Playing for the Love of It
Apr 28, 2014 10:41AM ● Published by Cate Reynolds
In our continuing series, Faces of the Arts, we visit with the Londontowne Symphony Orchestra, another key player in our area’s rich cultural landscape, and the personnel who make it hum.
Principal Cellist/Marketing Director
Buzz Stillinger, principal cellist, director of marketing, and a board member of the Londontowne Symphony Orchestra, was born into a musical family in Scarsdale, N.Y., where his mother was an opera singer, voice and piano teacher. One of four boys—“all musical,” he says―he would listen in on his mother’s string-quartet rehearsals. One day, “mesmerized by the sounds,” he asked his mother, “What is the big one?” And that is how, at the age of six, he discovered the cello and found his first music teacher―the ensemble’s cello player.
At 18, after six years studying with a cellist in the New York Philharmonic, he was offered scholarships by Juilliard and the Eastman School of Music. A well-rounded teen who also excelled in academics, presided over the student council, played sports, and released some records, he was in a quandary. “I didn’t want to rely on music to put food on the table,” he says. When he asked his mother’s opinion, she said, “If you have other interests, are not willing to give all to your music, you probably shouldn’t do it.”
So he turned down two of the top music schools in the country to study biochemistry at Cornell while his cello collected dust. Short a credit to graduate, he signed up for orchestra and also sang with “Cayuga’s Waiters,” a 12-man a cappella group, “second only to Yale’s Whiffenpoofs.” He went on to acquire an MBA in marketing and operations research and found his niche in corporate America with American and Northwest Airlines, and Sabre in Dallas.
While working and raising a family, he sang in church choirs, sometimes directing them. “But I wasn’t playing cello much,” he says. After retiring and moving in 1999 to Annapolis, which he describes as, “a medium-size college town with a temperate climate and cultural opportunities,” he met a neighbor who played the tuba with the Baltimore Philharmonia Orchestra (BPO). “They needed a cello player.” After several years commuting between Riva and Baltimore, and longing to play closer to home, he auditioned for the Anne Arundel Community College Symphony and Londontowne Symphony. He made both. Playing in three orchestras wore thin after a while. “There were times when I played six hours a day (three, practice; three, rehearsal).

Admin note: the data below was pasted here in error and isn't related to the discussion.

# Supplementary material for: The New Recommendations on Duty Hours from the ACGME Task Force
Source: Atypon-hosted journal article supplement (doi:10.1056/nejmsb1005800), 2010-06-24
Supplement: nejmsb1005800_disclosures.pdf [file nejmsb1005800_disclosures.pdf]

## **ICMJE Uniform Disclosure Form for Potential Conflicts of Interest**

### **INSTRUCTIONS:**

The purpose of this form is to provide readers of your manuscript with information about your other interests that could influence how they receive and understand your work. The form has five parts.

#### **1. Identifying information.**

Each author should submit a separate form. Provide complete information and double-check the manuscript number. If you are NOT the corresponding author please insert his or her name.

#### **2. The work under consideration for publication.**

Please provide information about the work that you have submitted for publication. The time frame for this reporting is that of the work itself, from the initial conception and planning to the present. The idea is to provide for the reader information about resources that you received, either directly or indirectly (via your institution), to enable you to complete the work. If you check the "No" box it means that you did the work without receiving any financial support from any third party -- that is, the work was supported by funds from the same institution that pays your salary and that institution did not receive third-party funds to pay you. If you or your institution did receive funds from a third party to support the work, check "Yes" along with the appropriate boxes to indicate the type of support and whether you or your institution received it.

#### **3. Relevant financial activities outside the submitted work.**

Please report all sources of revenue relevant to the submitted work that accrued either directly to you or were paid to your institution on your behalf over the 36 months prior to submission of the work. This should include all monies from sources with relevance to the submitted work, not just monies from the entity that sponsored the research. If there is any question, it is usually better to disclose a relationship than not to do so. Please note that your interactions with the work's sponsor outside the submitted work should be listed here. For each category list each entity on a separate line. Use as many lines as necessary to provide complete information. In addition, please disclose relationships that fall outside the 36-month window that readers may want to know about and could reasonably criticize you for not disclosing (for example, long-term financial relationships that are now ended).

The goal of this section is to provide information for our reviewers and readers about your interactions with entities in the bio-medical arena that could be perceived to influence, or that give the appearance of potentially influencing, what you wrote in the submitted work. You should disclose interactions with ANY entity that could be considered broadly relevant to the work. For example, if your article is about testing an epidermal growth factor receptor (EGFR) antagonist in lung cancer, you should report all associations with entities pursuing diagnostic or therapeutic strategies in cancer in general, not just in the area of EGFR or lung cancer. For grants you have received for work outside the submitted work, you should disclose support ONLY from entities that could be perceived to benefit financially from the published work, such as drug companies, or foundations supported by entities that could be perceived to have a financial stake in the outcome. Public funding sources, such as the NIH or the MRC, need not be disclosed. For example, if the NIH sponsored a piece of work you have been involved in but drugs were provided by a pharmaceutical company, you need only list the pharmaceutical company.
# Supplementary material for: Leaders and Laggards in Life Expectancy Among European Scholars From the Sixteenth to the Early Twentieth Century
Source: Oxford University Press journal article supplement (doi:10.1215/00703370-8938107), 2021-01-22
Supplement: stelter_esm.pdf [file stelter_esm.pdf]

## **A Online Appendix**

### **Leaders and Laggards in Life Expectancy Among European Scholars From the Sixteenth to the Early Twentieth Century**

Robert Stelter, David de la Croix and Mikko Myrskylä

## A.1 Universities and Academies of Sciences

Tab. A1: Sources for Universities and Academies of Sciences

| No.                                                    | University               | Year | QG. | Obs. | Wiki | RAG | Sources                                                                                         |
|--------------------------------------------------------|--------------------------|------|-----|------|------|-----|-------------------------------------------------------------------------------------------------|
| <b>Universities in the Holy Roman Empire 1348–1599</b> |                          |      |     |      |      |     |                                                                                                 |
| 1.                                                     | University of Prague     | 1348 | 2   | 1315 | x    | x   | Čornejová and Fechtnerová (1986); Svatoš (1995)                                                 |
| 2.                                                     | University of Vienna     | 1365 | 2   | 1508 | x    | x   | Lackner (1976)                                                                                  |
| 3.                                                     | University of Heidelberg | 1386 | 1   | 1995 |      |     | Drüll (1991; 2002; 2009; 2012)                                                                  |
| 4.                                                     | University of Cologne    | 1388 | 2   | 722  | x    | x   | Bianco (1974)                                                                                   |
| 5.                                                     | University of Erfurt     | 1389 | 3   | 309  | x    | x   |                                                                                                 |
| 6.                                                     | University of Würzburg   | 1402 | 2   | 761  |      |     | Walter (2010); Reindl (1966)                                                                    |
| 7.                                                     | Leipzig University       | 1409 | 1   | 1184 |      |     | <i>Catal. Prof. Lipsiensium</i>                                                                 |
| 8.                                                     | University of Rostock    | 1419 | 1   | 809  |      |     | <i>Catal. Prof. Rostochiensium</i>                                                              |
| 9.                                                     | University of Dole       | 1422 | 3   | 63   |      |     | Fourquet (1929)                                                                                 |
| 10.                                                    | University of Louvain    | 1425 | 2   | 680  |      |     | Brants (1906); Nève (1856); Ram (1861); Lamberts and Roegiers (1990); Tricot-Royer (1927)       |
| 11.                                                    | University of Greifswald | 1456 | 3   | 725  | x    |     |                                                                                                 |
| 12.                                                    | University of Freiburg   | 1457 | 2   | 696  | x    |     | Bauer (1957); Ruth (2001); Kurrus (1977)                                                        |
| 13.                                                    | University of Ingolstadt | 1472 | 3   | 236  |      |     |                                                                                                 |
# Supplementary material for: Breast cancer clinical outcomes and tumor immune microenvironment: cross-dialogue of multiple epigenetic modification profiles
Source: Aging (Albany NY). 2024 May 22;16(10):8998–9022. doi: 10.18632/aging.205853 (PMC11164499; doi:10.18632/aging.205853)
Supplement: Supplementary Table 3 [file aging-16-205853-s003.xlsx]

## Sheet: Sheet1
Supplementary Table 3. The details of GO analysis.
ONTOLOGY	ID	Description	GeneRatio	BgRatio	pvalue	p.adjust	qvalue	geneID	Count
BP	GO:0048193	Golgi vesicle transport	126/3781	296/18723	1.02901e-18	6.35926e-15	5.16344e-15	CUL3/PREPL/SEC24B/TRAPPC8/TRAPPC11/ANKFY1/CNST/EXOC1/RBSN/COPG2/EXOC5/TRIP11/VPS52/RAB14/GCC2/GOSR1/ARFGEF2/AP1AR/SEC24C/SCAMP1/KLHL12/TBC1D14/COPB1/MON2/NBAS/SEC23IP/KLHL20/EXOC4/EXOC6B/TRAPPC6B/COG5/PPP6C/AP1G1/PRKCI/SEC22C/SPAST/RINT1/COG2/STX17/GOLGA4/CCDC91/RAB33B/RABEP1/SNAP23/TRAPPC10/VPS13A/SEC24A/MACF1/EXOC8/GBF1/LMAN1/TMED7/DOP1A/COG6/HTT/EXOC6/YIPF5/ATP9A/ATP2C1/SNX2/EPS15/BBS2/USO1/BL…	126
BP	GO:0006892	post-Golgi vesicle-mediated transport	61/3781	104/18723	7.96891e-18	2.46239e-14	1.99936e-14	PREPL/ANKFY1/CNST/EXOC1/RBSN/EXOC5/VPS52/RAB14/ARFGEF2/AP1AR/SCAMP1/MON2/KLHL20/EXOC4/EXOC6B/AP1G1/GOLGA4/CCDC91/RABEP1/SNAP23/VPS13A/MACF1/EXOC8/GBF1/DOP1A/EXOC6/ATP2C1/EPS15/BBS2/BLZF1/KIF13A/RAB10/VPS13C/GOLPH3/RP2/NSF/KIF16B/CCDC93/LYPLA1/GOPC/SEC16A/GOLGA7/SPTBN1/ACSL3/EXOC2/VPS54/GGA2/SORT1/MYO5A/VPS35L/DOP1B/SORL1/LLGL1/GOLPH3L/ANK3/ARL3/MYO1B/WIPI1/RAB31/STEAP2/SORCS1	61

He dropped BPO and, since he’s “back to two orchestras [LSO and AACC],” he says, “I am playing so much better than I did at 18. When I joined LSO, it was hardly known. I’d wonder if there were more people onstage than in the audience.” Confident that he could grow attendance, he began promoting LSO, parlaying his experience as publicity director for the Parole Rotary. Now he’s the orchestra’s marketing director.
“We are Anne Arundel County’s community orchestra. We aim to build an audience and make money to be able to have more concerts for paying clientele, not just for friends and family.” Currently, the concerts attract “more than 200” listeners. “My goal is 400.” Stillinger is intent on spreading the word in creative ways. One is to band the orchestra’s brass and strings ensembles with social events at local restaurants.
But LSO’s major mission is “to promote music to young people. I believe in the value music will bring to their lives.” (He also mentors student musicians at South River High School.) Last fall the annual Young Artist Competition yielded three high school student winners who are mentored by Conductor and Music Director Anna Binneweg. Last month at the April 6 family concert, “Puppets and Stars,” the nationally known Bob Brown Puppets performed, and each of the winning students (a pianist, violinist, and harpist) played a movement of the featured work, Saint-Saëns’ “Carnival of the Animals.”
Principal Oboist/Master Reedmaker
Principal oboist for 4 years, Kerry Willingham found a new vocation when he retired from the United States Army Field Band in 2005. Now he has customers all over the world. “As an oboe player, you have to make your own [double] reeds; you cannot buy them. Store-bought are machine made,” he says, disdain thickening his Texas twang. “I have customers all over the world. It takes time and dedication “spread out over three to four days,” he says of the process. He fashions the reeds by hand “from fishing pole-type cane.” About 85 percent of my customers are amateur players, all over the country. They are so happy to contribute to their orchestras.”